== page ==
Lottery Fever

Lottery Fever

The following is an opinion-editorial.

In case the flashy billboards, hackneyed news segments, and influx of television advertisements didn’t tell you, this weekend shattered records when the jackpot of the Powerball reached an all-time high at $950 million. When the numbers – which were 16, 19, 32, 34, 57, and a powerball of 13 – were announced Saturday night, millions of Americans that bought tickets, some by the hundreds, felt a surge of emotions bursting through them; though they may not have been in possession of that lucky ticket, no one was, so, as a result, the jackpot had to rise. And it did, all the way up to $1.3 billion.

It’s incredible to think that a $2 purchase for a piece of paper could alter someone’s life, potentially dragging them from the slums to Slumdog Millionaire at the tip of a hat. But what’s even more astounding is that, year after year, hard-working Americans from laborers to white collar executives splurge on sheets of paper with the hope of winning a life-changing amount of money. The reality, however, is that the odds of winning are incredibly low; 1 in 292.2 million, to be exact, significantly lower than that of dying in an airplane crash – 1 in 11 million – or the odds of being eaten by a mountain lion while on a hike – 1 in 79 million.

Though this sliver of a chance of great reward attracts the eyes of many Americans, it’s wise to take a step back from the convenience store and understand that, for some Americans, hundreds and hundreds of dollars wasted on lottery tickets annually could be going to a better cause – one that could resolve many of the complaints Americans write paragraphs about on their Facebook wall.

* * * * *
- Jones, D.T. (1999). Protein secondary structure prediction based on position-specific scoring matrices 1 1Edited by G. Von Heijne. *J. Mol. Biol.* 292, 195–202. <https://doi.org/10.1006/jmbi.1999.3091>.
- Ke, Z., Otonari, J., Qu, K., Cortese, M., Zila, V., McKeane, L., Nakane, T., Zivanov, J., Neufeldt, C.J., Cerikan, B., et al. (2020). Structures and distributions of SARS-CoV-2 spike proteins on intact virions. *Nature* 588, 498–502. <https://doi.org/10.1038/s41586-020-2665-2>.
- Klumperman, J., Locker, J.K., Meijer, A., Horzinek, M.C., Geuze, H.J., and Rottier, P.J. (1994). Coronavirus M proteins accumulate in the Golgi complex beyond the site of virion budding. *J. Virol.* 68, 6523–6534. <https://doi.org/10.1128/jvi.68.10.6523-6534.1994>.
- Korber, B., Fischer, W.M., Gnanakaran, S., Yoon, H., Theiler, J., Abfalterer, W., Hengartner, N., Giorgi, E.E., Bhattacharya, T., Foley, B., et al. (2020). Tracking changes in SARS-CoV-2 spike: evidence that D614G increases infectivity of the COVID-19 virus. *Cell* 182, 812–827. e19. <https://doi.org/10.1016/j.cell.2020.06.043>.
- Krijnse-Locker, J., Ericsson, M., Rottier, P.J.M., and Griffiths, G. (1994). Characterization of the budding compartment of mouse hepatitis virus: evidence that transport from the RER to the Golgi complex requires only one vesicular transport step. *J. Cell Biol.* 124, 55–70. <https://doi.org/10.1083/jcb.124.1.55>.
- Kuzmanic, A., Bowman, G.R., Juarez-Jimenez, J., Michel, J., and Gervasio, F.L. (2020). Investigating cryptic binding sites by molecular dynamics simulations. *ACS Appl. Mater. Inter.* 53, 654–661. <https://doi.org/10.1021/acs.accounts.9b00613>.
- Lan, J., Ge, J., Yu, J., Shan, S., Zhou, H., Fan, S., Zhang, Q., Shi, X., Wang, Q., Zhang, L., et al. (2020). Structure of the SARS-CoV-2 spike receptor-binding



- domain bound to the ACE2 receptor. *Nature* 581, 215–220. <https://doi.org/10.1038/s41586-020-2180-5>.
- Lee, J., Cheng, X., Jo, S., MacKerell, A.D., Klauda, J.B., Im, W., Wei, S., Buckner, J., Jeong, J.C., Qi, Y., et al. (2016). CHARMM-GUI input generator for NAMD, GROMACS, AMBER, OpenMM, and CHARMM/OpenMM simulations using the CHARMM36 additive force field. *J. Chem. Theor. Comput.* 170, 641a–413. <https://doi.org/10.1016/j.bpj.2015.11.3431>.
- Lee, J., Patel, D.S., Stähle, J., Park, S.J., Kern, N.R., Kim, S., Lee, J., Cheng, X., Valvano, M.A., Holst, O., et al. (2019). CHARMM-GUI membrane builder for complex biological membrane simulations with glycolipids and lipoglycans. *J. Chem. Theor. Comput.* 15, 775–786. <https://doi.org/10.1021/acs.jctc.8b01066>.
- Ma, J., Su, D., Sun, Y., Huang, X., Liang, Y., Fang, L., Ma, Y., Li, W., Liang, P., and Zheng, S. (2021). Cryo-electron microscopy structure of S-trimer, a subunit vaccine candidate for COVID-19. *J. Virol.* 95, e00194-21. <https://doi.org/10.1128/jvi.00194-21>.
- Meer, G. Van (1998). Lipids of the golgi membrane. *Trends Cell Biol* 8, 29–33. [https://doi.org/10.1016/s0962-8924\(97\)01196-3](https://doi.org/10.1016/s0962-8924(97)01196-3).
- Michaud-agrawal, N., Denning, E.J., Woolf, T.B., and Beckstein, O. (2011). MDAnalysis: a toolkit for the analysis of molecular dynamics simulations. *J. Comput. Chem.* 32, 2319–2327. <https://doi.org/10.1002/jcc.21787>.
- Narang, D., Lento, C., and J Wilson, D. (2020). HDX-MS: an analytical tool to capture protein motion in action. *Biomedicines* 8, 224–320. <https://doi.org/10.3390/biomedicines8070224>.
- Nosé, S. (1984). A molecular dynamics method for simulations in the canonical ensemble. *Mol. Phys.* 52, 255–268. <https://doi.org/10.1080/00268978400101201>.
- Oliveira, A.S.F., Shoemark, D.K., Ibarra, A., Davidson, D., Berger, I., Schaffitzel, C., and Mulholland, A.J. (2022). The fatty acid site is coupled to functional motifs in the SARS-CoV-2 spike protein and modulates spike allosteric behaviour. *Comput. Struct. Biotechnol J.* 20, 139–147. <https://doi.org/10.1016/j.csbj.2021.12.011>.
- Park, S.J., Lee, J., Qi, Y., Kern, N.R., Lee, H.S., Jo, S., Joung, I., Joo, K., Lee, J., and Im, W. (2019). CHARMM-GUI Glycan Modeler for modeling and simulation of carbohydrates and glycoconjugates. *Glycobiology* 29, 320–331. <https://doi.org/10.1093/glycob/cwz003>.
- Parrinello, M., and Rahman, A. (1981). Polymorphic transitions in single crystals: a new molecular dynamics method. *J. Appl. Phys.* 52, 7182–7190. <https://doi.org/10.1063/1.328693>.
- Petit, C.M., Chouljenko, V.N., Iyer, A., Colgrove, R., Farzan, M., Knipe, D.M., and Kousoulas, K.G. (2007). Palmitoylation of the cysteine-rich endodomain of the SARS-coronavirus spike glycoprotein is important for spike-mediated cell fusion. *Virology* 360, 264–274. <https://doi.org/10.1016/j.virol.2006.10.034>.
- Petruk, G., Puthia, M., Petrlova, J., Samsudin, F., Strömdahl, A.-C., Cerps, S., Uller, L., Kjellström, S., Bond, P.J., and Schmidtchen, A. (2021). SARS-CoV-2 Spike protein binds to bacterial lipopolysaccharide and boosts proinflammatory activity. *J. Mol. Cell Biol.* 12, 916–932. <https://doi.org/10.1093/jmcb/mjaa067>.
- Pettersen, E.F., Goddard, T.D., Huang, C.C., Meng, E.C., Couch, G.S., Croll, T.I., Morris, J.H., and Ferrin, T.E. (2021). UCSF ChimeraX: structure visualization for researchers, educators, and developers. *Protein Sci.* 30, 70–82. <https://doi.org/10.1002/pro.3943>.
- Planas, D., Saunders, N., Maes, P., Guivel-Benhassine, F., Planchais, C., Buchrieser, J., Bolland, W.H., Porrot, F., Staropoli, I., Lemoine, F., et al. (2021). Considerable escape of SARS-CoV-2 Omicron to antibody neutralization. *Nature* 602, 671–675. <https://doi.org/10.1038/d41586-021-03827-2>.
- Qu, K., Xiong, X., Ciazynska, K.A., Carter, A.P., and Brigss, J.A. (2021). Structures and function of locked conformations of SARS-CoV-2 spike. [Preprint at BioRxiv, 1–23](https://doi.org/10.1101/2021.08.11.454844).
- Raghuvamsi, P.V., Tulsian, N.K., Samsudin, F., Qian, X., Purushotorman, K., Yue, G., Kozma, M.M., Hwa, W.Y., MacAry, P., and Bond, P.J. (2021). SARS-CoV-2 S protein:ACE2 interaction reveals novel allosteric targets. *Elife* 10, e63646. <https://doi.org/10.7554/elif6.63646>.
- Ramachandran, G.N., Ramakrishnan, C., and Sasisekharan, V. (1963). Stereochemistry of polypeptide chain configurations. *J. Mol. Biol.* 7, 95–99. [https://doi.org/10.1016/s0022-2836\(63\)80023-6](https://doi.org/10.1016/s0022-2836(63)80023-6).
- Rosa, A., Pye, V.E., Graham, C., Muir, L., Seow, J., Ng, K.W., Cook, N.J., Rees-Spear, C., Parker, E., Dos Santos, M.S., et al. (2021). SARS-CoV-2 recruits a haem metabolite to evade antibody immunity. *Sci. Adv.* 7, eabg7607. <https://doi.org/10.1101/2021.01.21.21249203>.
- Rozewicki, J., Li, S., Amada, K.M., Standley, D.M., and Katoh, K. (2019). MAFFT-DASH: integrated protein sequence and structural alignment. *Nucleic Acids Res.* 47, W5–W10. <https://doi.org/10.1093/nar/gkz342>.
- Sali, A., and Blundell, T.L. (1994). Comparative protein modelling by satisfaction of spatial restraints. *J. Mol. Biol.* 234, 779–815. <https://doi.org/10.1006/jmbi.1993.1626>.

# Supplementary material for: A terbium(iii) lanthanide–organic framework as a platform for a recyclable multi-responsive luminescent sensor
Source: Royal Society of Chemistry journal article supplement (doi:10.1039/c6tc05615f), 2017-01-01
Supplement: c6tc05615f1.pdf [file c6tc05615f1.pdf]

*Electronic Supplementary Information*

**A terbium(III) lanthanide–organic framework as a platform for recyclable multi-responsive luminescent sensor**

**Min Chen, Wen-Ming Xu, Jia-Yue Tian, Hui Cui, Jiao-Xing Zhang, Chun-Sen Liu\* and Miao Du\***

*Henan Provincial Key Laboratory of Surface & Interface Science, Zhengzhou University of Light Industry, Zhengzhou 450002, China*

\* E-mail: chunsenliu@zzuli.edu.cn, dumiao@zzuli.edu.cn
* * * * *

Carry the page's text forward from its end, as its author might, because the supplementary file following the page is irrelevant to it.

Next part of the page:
For those that don’t know, the lottery is a state-run gambling system where citizens pay a small sum in the hopes of a grand reward of taxpayer money. Though a larger than expected portion of this prize winning is taken away by the government, there’s undeniably still enough “dough” to keep one content for years, likely decades. As I said before, however, the lottery is mandated by the state and by no means required. Six states currently don’t allow the lottery, and half of them wind up in Business Insider’s ranking of state economies, including Hawaii and Utah, who, despite not being a wildly tourist destination, has a flourishing economy. Perhaps it’s time to follow in these states’ footsteps and prohibit the lottery, which might be the trick to increase our rank in the Business Insider report – 35th.

The fact of the matter is that our money could be spent elsewhere that would ultimately prove more beneficial to society as a whole – why not use the billion dollar lottery prize to remove college application fees and reduce tuition on expensive schools, or, better yet, make community colleges free to assure everyone gets a proper education? Why not decrease gas and oil prices in urban areas, or help out small businesses that struggled during the stock market crash, or lower taxes on families with multiple children?

I’m not demanding you to stop participating in the lottery; I’m asking you to consider your actions and realize that ticket after ticket piles up, and that money could have helped society instead of feeding into your “lucky feeling about today’s ticket.”